Flavell: Urgent Debate - Death of Debbie Ashton
Urgent Debate: 22 July 2008
Te Ururoa Flavell: MP for Waiariki
Ministerial Inquiry into the death of Debbie Ashton
Kia ora tatou.
Me tuku mihi ki te whanau i a ratou e tangi nei ki ta ratou kotiro. Ka nui te aroha kia a koutou kua rongo nei i te mamae i nga tau kua hipa.
A note of sadness to the family in their sympathy, and we pay our respects to the family in their mourning.
We in the Maori Party, rise to offer our sincere sympathies to the whanau of Debbie Marie Ashton, who tragically lost her life on 5 December 2006.
Can I say that these debates are the times to challenge and confront the law-makers and law-breakers, that enabled a 26 year old male, drunk, dis-qualified driver, to deprive this young woman of the life that she had before her.
But we want to also think about the family who have been denied a daughter, a sister, the grand-children that should have been, and the mother that could have been.
I want to share some words I read today, from Judy Ashton; ironically from a place called Hope in Nelson. It goes like this.
Debbie died at 2:25am, four hours after the crash.
Less than an hour later I gazed down at the lifeless body of my daughter now lying on a cold stainless steel operating table. I had to sign a paper declaring that Debbie was Debbie, the hardest things I have ever had to sign in my life.
I just wanted to stay with her, but needed to go home and ring her sister living in Christchurch. There is no kind way to tell your other daughter that her much loved younger sister had been killed.
To hear the wailing on the end of the phone with so many miles between us was yet another heart-break. As was, less than an hour later waking up my elderly parents and having to tell them that their granddaughter had been killed.
Madam Speaker, these are words that shatter the heart. Right around the House I think we feel them as words that remind us of the dreams and aspirations held by the mother, Judy for her child; words that convey the sense of shock that runs through the Ashton family.
Too many families throughout Aotearoa have been in similar situations. Families that will never be the same again, because of human error and failures of systems.
Madam Speaker, the report from the Minister of Corrections got it right I thought. "Human error was found to be a key factor".
How does one hold on to hope, when the state's form of comfort to the family is to say "human error" is the reason your daughter died?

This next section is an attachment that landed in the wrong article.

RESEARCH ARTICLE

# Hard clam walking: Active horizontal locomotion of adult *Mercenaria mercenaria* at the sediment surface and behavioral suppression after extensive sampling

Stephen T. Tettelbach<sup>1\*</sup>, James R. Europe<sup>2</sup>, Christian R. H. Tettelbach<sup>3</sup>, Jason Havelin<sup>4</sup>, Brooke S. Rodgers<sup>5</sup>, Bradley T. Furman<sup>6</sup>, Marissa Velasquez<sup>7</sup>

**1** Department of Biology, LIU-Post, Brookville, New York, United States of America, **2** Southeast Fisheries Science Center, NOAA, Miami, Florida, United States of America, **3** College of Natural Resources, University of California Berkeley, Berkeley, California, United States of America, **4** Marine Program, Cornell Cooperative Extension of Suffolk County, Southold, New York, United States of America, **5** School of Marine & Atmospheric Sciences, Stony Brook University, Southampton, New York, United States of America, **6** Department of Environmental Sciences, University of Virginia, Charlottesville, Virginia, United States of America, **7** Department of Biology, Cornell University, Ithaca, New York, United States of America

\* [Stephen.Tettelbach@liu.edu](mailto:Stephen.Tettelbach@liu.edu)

While QC Kristy McDonald, who conducted the inquiry, pointed out that human error is inevitable when Corrections manages around 38,000 people on community sentences. I do not believe and the Maori Party do not believe that we should accept that as a matter of course.
We cannot be complacent when the public become casualties of such errors.
As others have said, this is a tragedy that must not be repeated.
And yet we know that there have been other situations - situations where offenders have reoffended in fatal ways.
Situations in which some prisoners have been released into the community and tragedies have occurred one way or another.
Murders, manslaughter, loss of life.
We are pleased to see in the statement from the honourable Phil Goff, that while protection of identities under the Witness Protection Programme is important, the paramount obligation of Corrections and Police is to the safety of the community.
But we want to just raise some words of caution on this debate.
Seeking more punishment and retribution is not the answer.
Compassion for victims must be a high priority.
We must do all that we can to ensure that the society that we are helping to create is one of compassion, and taking responsibility.
But Madam Speaker, justice is not about revenge and retribution.
The pursuit of justice, te whainga i te tika, was and is fundamental to the Maori world view and embraces all areas of life from the wrongs people may do to one another to the rules that determine how the land should be cared for.
The Maori Party acknowledges that justice is best achieved not merely by changing the content of existing laws, but also by reconsidering, in good faith, the processes through which laws are made and the principles which underpin them.
The safety of the community must be an essential value that we can all believe in; a value that we can all work to restore.
Madam Speaker, while the Corrections and Police departments must, as a matter of urgency, remedy the deficiencies that existed in the area of dealing with offenders who were witnesses and under the Witness Protection Programme; there are of course other issues outstanding.
I was pleased to hear that the Law Society will be taking up the issue of the particular lawyer involved, who was a key party in knowing the identities of the offender involved.
The history of convictions of this offender showed that he had no regard for the law. Within two months of arriving in Nelson he was charged with reckless driving. The sentencing Judge disqualified him from driving for 18 months and marked his file "last chance".
What we in the Maori Party suggest, is that someone had to know about this man. Someone had to know. Someone else other than the lawyer. Others had a responsibility to care - and we must ask why he was still out there, convicted of driving with excess breath alcohol, and primed for another last drive.
It was a last chance that Debbie Ashton never got.
We must also never forget to think about the power of the wider community, to take responsibility for each other, to ensure that offenders such as the one in this case, are properly managed, and that never, ever will such tragedies occur again.
Kia ora tatou.